Those who suffer from chronic fatigue syndrome are probably tired of doctors who do not consider it a real disease and who mistakenly assume that the fatigue associated with the condition is just laziness. For the million plus in the U.S. who struggle with this condition, the disease is real and being told that the debilitating symptoms are all in their heads only adds insult to injury. The good news is that researchers may have found tangible evidence that associates the symptoms of chronic fatigue syndrome with abnormalities in the brain.
Recent Stanford University School of Medicine study results may provide a beacon of hope not only for patients but for doctors who are frequently confounded by the disease. Those who suffer from chronic fatigue syndrome are often really frustrated because so little is known about what causes the disease and treatment options have, at best, been hit or miss. It is not unusual for doctors to surmise that patients who present with symptoms of the condition, which can be all over the board, are hypochondriacs or malingerers seeking drugs.
The symptoms can include profound bone crushing fatigue, sore throat, muscle and joint pain, memory lapses, tenderness in the lymph nodes, and an overall feeling of malaise. According to 27-year old Lindsay Sihilling, who suffered for two years and through six doctors, before being diagnosed, “There’s a lot of brain fog and listlessness. Sometimes I get headaches and flu-like symptoms.”
Writer, Julie Rehmeyer, also diagnosed with chronic fatigue syndrome says, “Fatigue hardly described what I felt. Paralysis was more like it. My legs seemed to have been amputated and replaced with tubes of liquid concrete…” She was told by her doctor that the disease was not well understood which she interpreted to mean he did not know how to help.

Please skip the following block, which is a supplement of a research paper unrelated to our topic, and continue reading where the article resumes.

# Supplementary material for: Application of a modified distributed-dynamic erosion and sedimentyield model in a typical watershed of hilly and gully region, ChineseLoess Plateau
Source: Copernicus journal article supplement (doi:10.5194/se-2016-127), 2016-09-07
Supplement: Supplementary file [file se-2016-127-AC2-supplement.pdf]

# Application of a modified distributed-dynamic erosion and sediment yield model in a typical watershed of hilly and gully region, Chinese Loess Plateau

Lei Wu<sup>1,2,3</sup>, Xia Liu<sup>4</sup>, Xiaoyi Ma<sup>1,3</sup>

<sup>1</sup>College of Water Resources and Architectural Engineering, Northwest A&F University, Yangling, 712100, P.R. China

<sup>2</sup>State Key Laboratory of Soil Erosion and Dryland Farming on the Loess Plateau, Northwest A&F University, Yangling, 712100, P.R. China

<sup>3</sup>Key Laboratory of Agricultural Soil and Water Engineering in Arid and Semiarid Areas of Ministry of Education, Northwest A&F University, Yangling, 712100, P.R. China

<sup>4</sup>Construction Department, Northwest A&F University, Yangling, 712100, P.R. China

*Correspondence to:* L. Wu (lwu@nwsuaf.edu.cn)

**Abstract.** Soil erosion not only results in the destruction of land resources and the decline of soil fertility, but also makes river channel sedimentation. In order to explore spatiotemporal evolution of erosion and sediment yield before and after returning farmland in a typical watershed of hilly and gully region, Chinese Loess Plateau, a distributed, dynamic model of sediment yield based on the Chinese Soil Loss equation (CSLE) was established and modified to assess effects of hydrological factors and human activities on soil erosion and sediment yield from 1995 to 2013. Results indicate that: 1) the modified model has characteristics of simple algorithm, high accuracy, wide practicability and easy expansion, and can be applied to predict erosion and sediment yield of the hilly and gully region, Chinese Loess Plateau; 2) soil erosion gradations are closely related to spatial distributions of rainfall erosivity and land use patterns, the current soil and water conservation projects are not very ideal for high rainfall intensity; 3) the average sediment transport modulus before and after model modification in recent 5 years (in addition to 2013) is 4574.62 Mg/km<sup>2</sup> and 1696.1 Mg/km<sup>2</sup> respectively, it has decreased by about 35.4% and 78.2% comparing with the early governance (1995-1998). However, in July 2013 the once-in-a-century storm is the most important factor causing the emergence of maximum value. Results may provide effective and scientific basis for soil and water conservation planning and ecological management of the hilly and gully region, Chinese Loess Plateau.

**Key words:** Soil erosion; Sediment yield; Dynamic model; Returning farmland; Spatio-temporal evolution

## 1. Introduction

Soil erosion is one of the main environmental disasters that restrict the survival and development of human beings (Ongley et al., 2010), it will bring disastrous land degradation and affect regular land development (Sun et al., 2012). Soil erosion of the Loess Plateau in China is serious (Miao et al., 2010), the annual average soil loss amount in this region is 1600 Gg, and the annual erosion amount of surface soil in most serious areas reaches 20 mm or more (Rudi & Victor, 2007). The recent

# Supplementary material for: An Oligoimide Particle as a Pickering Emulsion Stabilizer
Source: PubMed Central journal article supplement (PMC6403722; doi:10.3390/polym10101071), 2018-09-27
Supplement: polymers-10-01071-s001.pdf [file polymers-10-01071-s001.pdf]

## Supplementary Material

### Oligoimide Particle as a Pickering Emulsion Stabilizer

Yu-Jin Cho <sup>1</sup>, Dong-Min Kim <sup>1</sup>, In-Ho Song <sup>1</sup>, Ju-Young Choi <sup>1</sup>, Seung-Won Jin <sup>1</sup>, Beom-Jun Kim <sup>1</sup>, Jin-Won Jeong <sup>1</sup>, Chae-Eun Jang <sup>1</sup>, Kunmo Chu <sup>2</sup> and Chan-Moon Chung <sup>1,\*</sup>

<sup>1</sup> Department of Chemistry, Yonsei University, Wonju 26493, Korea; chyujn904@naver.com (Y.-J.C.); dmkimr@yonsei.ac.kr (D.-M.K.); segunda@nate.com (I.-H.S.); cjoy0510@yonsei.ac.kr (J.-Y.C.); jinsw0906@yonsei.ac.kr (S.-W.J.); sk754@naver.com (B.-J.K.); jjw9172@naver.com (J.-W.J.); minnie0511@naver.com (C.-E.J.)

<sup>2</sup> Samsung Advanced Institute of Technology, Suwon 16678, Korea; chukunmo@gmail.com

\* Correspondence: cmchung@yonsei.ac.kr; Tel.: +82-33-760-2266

Thankfully, Rehmeyer eventually found chronic fatigue syndrome specialist Nancy Klimas, a doctor who did not believe that her condition was psychosomatic and knew without a doubt that her complaints did not stem from just laziness. She confirmed the pattern of physiological abnormalities that are often found in CFS patients, immune system irregularities and problems with blood pressure.
The recent study findings suggest that there are distinct variances in the brains of healthy people as compared to the brains of people with chronic fatigue syndrome. Stanford University School of Medicine, assistant professor of radiology, Dr. Michael Zeineh, and his team found several irregularities in the brains of CFS sufferers including decreased white matter. It is suspected that the decreased white matter might signal some form of chronic swelling occurring in the brain and possibly in the body as well.
Researchers also found irregularities in a patch of nerve fibers in the brain’s right hemisphere. Called the arcuate fasciculus, on the left side of the brain, this nerve tract is critical to language but doctors are not sure what happens when the nerve bundle on the right side is damaged. Clearly to Dr. Zeineh and his team, “The more abnormal this tract was in a patient the worse the fatigue was.”
Chronic fatigue syndrome experts are encouraged by the findings. Dr. Paolo Nucifora, from the University of Pennsylvania’s School of Medicine says, “It suggests an actual organic basis for the symptoms of chronic fatigue syndrome.” Those afflicted by chronic fatigue syndrome are likely hopeful that these findings will prompt more research and conclusive proof that it is a real disease and not just laziness.
Opinion By Constance Spruill